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Chapter: 

II. Surveillance policy

Cybercrime
The principal body for Nigerian information technology policy is the National Information Technology Development Agency (NITDA), a sub-agency of the Nigerian Communications Commission. NITDA developed a Nigerian Information Technology (IT) Policy, which was approved by the Nigerian Federal Executive Council in 2001.1 The IT Policy identifies some of its objectives as "promot[ing] legislation (Bills & Acts) for the protection of online business transactions, privacy and security,"2 and "enhanc[ing] freedom and access to digital information at all levels while protecting personal privacy."3 The IT Policy names as one of its strategies, "ensur[ing] the protection of individual and collective privacy, security, and confidentiality of information."4
 
The menace of fraudsters soliciting victims via e-mail prompted the Nigerian government in 2002 to create a National Committee to address the problem.5 NITDA was involved in this process, and one of the committee's recommendations was a draft Cybercrime Act.6 However, in 2004 the government established the Nigerian Cybercrime Working Group, an Inter-Agency body that incorporated the NITDA, in order to directly address the issue of cybercrime and to take over the project.7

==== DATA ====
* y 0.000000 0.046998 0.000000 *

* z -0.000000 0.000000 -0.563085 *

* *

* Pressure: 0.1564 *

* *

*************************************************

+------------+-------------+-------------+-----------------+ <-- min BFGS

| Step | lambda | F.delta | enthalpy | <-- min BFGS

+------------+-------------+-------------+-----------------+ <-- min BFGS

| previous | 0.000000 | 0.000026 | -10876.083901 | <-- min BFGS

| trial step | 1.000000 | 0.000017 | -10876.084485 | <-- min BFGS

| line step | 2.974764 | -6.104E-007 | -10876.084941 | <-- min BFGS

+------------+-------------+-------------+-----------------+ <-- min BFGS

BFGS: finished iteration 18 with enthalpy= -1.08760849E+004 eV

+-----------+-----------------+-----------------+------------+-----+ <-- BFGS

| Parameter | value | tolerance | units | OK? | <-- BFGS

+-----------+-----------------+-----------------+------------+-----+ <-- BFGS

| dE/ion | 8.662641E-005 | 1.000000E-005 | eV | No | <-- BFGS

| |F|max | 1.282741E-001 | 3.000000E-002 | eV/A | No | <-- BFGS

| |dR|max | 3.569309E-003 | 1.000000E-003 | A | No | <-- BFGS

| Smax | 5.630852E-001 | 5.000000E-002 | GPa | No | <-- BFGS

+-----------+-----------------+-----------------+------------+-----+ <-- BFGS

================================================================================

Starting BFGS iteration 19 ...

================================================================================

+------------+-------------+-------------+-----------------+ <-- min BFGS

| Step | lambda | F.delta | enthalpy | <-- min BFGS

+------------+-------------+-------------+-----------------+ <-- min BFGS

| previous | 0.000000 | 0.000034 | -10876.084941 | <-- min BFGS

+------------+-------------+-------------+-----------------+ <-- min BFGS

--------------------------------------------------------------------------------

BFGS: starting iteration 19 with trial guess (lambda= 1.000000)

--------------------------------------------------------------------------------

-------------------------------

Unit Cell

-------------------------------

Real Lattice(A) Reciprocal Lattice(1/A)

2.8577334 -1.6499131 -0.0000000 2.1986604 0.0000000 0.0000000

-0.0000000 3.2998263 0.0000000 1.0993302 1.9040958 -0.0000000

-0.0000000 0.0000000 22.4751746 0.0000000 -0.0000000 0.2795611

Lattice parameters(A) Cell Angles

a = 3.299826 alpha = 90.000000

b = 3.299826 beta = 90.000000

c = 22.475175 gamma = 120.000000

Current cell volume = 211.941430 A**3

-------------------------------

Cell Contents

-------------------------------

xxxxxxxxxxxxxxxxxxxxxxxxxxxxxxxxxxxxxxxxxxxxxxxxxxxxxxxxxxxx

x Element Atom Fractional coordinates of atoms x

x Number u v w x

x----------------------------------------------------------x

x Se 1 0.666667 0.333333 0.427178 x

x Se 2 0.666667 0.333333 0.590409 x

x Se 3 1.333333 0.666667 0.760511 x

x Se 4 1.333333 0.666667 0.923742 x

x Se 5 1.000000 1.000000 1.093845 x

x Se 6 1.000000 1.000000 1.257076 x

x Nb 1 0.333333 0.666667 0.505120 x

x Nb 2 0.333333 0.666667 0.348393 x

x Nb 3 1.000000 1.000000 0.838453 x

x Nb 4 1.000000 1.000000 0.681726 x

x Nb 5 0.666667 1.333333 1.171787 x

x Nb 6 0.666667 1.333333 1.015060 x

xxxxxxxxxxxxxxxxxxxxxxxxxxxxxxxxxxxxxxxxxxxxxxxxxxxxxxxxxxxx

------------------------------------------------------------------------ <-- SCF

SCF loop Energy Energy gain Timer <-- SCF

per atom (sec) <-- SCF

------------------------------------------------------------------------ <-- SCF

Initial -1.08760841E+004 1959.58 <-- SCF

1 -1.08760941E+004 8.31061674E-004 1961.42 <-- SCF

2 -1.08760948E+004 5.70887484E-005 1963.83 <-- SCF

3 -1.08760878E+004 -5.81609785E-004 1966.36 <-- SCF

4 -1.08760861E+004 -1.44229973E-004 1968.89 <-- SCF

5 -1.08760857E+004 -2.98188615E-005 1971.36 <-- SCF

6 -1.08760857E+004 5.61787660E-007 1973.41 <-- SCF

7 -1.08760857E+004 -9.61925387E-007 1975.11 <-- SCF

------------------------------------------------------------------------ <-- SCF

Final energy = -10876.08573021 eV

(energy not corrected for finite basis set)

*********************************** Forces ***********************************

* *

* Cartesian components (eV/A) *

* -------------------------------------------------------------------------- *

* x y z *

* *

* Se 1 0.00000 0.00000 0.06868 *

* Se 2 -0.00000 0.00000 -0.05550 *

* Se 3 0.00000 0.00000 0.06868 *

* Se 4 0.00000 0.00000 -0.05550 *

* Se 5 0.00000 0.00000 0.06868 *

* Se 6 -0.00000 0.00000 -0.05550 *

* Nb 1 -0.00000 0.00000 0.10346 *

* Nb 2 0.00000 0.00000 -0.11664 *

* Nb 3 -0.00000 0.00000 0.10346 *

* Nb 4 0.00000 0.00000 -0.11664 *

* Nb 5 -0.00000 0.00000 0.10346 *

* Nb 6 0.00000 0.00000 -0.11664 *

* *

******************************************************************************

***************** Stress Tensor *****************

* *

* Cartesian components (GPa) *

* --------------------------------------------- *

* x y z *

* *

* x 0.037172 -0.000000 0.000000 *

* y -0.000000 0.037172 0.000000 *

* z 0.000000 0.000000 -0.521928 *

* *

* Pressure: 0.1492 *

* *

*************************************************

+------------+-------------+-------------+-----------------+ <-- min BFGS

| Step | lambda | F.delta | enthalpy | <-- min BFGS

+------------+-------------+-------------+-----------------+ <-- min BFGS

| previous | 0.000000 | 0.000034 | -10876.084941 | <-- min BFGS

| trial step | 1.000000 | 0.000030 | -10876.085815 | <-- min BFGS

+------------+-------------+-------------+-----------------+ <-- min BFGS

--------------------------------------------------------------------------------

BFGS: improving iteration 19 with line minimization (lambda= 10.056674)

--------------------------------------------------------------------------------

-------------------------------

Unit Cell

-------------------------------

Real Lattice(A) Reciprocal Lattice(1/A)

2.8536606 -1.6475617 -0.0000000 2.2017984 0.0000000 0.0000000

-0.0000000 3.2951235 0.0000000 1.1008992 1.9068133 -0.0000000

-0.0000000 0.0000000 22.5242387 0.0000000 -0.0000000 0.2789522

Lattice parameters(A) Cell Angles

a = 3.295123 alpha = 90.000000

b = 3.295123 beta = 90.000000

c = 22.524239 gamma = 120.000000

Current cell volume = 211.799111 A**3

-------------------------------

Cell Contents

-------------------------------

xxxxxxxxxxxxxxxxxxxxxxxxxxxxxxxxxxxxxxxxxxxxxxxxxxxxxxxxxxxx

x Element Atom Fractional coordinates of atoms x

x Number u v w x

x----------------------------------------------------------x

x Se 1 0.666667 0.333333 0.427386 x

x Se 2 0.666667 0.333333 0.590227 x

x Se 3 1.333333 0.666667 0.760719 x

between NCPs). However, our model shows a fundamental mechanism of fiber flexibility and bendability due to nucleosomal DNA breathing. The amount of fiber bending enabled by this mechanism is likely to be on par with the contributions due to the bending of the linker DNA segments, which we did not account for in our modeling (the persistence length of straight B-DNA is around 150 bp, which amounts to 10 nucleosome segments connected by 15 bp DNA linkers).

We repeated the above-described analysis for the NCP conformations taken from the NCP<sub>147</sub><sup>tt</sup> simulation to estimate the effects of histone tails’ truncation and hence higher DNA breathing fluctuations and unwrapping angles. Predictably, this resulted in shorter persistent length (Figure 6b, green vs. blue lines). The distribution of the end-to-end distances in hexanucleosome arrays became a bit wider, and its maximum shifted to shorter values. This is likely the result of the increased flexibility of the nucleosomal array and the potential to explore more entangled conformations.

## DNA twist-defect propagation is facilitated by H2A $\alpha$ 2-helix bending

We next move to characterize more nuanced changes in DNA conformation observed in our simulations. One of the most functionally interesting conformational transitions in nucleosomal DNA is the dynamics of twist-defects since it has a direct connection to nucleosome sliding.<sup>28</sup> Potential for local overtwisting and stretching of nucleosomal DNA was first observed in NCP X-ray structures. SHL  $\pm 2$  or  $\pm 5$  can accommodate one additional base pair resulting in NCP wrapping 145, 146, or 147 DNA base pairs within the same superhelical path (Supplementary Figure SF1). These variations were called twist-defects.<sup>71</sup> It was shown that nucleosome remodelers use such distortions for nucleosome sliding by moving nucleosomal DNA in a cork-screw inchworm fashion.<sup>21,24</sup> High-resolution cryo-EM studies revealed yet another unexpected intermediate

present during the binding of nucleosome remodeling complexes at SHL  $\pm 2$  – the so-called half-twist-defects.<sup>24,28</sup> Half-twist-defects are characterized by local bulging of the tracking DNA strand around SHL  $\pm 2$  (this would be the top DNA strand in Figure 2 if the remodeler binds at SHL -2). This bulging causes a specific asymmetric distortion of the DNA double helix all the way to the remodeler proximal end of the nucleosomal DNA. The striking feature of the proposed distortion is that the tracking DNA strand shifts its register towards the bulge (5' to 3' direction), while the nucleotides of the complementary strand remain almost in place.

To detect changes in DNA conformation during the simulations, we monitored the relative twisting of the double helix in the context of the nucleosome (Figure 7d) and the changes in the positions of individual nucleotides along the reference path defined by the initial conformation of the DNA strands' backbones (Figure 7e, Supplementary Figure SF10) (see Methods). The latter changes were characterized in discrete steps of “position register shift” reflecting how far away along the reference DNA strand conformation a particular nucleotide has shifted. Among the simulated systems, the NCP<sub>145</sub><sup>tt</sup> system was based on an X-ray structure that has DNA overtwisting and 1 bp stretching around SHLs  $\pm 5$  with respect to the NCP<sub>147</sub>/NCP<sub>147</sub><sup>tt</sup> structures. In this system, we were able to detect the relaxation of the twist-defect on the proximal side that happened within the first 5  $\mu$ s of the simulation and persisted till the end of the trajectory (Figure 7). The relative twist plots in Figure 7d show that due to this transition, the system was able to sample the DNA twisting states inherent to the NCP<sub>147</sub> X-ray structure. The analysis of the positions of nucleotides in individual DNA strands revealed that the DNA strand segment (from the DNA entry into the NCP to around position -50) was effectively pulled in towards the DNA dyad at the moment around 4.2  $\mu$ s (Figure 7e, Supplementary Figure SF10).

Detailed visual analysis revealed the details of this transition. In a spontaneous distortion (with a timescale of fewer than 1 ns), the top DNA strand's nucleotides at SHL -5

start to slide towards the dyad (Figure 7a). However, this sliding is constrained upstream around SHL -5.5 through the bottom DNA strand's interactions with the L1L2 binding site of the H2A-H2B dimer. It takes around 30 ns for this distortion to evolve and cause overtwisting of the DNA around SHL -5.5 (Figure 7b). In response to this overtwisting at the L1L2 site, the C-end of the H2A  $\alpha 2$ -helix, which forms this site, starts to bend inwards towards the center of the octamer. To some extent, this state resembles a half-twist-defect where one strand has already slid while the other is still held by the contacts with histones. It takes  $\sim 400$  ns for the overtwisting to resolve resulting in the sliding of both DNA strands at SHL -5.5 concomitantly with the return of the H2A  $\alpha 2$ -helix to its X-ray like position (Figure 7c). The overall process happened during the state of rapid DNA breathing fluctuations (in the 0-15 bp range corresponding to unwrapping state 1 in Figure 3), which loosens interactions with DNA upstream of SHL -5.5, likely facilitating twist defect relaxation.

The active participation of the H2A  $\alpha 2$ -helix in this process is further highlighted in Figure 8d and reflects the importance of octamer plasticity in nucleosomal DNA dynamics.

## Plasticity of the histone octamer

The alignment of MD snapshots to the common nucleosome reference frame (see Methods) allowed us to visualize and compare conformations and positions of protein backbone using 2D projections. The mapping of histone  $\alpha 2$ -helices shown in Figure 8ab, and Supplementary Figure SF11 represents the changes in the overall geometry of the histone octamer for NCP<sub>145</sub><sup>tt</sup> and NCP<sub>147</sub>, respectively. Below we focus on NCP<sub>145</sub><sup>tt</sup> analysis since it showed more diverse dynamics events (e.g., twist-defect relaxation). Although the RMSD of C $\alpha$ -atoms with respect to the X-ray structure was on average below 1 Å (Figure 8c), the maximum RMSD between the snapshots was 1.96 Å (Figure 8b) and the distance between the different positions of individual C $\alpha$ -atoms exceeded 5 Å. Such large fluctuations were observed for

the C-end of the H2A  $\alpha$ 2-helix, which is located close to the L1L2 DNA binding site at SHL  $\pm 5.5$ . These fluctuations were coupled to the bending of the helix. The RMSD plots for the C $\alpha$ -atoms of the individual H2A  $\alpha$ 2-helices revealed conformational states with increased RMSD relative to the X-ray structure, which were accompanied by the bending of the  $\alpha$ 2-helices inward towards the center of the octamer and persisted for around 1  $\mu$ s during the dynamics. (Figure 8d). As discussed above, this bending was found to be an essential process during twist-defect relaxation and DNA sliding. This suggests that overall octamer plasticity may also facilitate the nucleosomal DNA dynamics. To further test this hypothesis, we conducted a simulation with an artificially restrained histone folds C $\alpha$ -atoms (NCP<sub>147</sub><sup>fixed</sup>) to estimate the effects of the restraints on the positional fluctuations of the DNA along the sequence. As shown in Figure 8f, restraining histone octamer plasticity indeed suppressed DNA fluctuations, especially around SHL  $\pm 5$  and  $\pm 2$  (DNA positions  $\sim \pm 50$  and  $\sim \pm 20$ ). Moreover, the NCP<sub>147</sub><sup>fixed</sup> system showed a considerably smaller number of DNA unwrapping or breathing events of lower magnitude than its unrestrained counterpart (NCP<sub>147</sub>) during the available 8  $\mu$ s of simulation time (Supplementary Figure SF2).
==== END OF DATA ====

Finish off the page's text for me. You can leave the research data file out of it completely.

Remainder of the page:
In 2005, the Nigerian government sponsored the Computer Security and Critical Information Infrastructure Protection Bill (otherwise known as the Cybercrime Bill).8 The Cybercrime Bill aims to "secure computer systems and networks and protect critical information infrastructure in Nigeria by prohibiting certain computer based activities" and to impose liability for global crimes committed over the Internet.9 The Cybercrime Bill will require all service providers (telephone and internet) to record all traffic and subscriber information for such period as specified by the President, and to release this information to any law enforcement agency on the production of a warrant.10 Such information may only be used for legitimate purposes as determined by a court of competent jurisdiction, or other lawful authority.11 The bill does not provide independent monitoring of the law enforcement agencies carrying out the provisions, nor does the bill define "law enforcement agency" or "lawful authority."12 Finally the bill does not distinguish between serious offenses and emergencies or minor misdeamenors.13 As a result it may conflict with Article 37 of Nigeria‚ Constitution, which guarantees the privacy of citizens including their homes and telephone conversations, absent a threat on national security, public health, morality, or the safety of others.14 The Cybercrime Bill currently sits before the Nigerian National Assembly.15
 

Footnotes